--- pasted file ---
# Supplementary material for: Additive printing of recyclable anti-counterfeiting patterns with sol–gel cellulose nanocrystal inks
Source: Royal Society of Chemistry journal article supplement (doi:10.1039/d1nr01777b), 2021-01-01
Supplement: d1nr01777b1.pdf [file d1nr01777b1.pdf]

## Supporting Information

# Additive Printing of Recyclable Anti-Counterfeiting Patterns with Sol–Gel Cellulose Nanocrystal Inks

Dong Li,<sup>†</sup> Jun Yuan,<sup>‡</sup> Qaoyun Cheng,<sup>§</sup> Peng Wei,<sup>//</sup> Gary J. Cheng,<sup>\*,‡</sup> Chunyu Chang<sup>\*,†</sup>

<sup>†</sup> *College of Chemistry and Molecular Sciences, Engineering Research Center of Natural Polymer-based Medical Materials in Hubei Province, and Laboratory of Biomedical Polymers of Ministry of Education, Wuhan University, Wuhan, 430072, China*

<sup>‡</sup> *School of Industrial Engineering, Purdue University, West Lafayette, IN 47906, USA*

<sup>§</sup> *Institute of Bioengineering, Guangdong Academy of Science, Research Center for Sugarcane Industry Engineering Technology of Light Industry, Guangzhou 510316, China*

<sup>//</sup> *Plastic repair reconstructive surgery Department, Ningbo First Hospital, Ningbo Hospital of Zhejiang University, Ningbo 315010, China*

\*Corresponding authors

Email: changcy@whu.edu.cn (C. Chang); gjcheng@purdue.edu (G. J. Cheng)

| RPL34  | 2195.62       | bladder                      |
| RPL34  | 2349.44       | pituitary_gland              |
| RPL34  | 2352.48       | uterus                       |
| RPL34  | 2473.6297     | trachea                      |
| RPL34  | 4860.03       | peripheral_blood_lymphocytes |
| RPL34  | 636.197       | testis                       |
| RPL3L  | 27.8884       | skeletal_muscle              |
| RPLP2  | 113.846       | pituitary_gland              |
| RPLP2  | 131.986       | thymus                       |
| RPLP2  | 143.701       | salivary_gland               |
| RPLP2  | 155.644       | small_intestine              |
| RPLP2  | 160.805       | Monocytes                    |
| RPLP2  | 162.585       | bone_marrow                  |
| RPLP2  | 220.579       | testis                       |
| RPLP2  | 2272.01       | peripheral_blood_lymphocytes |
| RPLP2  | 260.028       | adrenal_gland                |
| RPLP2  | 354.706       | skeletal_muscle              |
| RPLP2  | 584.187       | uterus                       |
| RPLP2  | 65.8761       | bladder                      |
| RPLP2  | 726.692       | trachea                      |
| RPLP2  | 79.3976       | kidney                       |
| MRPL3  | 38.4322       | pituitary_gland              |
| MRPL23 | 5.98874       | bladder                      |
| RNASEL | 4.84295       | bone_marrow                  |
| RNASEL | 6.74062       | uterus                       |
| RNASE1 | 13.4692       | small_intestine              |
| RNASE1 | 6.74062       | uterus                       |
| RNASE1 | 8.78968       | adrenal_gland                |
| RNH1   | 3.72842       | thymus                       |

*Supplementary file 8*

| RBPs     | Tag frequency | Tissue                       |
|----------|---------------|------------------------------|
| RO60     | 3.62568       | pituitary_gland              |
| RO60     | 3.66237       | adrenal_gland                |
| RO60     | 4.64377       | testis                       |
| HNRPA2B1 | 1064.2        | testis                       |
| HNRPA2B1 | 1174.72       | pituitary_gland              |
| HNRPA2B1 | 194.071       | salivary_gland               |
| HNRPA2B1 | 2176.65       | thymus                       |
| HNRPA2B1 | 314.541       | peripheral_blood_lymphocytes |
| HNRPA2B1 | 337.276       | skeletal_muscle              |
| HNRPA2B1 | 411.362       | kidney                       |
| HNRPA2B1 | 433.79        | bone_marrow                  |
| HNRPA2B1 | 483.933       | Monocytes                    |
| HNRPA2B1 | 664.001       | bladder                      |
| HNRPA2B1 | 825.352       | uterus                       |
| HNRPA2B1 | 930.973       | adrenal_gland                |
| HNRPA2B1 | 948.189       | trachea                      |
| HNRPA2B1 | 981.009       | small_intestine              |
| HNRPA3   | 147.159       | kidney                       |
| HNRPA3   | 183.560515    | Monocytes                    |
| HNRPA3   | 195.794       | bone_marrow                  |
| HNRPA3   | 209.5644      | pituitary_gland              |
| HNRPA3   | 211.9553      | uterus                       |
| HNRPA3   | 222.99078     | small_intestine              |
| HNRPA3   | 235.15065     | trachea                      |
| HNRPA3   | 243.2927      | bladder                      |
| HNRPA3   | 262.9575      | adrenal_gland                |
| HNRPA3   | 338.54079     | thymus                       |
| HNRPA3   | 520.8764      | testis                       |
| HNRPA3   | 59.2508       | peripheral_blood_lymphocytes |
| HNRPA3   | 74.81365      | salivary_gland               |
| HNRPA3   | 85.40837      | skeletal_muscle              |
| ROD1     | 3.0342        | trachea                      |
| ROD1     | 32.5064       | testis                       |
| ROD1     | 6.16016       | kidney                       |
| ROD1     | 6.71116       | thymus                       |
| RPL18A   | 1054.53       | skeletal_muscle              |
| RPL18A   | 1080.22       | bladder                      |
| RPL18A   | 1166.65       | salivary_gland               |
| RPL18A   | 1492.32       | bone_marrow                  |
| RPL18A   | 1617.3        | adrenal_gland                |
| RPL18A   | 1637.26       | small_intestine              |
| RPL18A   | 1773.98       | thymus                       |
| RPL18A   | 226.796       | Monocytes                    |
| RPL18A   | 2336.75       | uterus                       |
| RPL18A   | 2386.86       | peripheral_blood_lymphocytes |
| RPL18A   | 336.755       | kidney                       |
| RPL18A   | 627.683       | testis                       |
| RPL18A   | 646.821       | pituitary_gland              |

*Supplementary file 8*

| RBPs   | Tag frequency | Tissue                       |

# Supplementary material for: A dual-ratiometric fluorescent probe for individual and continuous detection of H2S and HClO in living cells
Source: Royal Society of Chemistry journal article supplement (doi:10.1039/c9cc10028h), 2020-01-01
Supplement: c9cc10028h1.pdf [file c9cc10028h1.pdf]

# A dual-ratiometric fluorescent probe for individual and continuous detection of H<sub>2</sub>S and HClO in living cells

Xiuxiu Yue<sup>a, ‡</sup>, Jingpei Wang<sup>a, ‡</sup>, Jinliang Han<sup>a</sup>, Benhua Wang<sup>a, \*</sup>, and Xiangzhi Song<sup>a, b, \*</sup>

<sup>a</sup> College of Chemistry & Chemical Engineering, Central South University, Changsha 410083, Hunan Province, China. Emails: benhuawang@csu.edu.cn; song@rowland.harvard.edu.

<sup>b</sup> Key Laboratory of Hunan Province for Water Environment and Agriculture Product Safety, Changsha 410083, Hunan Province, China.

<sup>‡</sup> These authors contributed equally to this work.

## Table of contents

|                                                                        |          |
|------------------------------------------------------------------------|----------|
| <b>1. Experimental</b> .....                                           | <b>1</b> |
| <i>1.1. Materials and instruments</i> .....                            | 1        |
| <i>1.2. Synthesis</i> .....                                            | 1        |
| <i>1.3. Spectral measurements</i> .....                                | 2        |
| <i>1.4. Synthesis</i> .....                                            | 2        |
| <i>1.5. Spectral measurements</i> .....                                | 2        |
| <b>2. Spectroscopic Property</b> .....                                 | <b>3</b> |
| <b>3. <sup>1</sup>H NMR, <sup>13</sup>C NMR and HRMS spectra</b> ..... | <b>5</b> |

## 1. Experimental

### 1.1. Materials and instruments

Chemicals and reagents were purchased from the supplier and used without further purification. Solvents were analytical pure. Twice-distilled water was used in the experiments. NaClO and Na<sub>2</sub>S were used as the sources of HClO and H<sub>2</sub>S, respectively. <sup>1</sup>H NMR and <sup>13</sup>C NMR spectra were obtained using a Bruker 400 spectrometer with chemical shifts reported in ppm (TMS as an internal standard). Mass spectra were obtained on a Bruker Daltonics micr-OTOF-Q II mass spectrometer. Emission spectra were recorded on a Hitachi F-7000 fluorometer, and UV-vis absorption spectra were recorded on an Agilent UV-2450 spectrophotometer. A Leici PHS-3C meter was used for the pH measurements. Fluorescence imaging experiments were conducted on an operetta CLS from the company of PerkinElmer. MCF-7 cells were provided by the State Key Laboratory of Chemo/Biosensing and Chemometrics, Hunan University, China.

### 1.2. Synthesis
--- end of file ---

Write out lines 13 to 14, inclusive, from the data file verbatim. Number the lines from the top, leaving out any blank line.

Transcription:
| RPL34  | 2195.62       | bladder                      |
| RPL34  | 2349.44       | pituitary_gland              |